I've been working as a clinical officer for the last 10 years in the Médecins Sans Frontières / Doctors Without Borders (MSF) sexual and gender-based violence (SGBV) recovery centre, offering medical and psychosocial care to the most vulnerable people in this society, those who have been faced with issues of sexual violence.
It is estimated that almost half of Kenyan women aged between 15 and 49 have experienced physical or sexual violence. It is a global phenomenon happening all over, yet it is widely under-reported and many people do not seek care. But being in this position, with MSF, we’ve been able to reach a big number of survivors who face many challenges and attended to their medical needs and psychological care. Being part of this team is an honour and a privilege: I love giving, being of service to society.
I've also been part of the team that has gone to court to offer expert witness testimonials for survivors seeking justice – it has been an experience on its own and I thank MSF for giving me this opportunity to serve.
In 2018, after a team recommendation, I went to our SGBV clinic in Port Harcourt, Nigeria, for a detachment for three months supporting the team to attend to survivors of sexual violence. It was one of the best experiences in my work with MSF, for I was called upon to step up to more responsibilities.
Looking back, this was a chance to prepare for a leadership role and it has really helped me in my work as a leader.
So when an opportunity arose in Mathare I stood up to take it, as SGBV mental health supervisor.
My day-to-day work involves advising a dedicated team of about 26 staff. We have clinical officers, counsellors, psychologists, social workers and community health educators, and hygiene officers who are all dedicated to offering medical care to survivors of sexual violence.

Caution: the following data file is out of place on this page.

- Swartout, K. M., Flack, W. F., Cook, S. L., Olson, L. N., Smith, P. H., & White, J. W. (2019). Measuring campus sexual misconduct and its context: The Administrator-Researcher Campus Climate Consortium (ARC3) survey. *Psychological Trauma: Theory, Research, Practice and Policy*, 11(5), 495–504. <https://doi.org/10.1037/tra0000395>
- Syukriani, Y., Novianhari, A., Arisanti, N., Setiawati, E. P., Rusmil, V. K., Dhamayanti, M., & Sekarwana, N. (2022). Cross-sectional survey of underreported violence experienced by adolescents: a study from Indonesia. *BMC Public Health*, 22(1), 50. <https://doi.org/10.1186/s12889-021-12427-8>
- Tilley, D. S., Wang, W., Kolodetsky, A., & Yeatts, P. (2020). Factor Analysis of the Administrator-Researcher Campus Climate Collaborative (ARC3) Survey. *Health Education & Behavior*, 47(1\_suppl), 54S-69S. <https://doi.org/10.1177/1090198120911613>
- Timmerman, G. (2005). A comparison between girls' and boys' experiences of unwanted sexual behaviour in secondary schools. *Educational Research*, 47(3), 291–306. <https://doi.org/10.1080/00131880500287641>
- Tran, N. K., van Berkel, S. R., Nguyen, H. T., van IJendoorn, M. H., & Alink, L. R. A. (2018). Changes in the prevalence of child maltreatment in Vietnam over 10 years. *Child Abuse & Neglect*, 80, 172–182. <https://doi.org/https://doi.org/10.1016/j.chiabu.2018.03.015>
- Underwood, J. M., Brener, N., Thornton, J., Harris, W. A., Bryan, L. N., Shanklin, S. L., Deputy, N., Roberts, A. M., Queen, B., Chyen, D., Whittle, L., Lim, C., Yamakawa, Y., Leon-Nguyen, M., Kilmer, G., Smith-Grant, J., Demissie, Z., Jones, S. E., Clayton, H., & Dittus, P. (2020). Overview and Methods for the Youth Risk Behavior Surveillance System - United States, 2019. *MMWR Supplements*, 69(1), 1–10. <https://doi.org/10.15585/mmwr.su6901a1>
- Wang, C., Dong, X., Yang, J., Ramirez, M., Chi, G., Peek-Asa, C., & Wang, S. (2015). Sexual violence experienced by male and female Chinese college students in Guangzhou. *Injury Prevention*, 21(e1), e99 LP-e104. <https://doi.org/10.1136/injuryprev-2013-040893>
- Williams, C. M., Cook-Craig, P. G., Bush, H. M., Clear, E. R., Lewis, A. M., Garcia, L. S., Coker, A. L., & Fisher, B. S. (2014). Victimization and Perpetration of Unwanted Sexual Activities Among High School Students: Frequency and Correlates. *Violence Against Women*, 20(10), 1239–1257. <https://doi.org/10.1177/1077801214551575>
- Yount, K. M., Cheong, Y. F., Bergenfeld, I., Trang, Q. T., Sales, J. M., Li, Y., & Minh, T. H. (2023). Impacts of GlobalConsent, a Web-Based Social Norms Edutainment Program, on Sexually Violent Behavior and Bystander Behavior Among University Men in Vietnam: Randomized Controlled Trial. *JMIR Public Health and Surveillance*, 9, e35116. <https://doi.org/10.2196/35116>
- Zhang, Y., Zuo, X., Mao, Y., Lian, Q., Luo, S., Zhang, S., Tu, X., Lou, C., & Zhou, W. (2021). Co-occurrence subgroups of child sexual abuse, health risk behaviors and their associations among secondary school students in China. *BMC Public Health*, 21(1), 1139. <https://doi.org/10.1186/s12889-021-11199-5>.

Leadership means that you are in a position to influence a team positively to achieve their desired goals. I’ve been able to lead the team to achieve our goals.
As a leader, it’s a place of privilege, a position of power and if that power is not well used it may work against the service. Being a leader calls for so much. My team can freely reach out to me and I can help them through the challenges they face while giving medical care to survivors. There are times I am called on to make tough decisions, but as a leader you’ve got to do it.
I encourage women in leadership positions to hold the hands of upcoming young women and help them climb up the ladder. Wouldn’t it be nice that when you retire you have another woman stepping and following your footprints?
What can the women of today do to help the women of tomorrow? Let us use our voice to speak up! To speak up on issues affecting women, for example, issues of sexual and gender-based violence, reproductive health, so that women of tomorrow don’t have to face the same struggles and challenges like our grandmothers and mothers did.
My part in MSF’s humanitarian medical care means a lot to me; I’ve come to learn that medical care is a right for everyone, yet some people are not able to access these services.
MSF has advanced the medical and mental healthcare offered to survivors of SGBV. Attending to the medical needs of survivors is satisfying, whether we meet the needs of one person in particular or many who need this service.
That I have been able to serve the most in need in society has not been on my own, it’s been thanks to all my good mentors and the support of my family.
I’m a mother of three beautiful children and I'm a wife. I've faced a number of challenges just like many other women – most importantly, striking the work-life balance.
As a woman, I say, please follow your dream and chase it. Yes, you might face challenges and obstacles along the way, but never give up.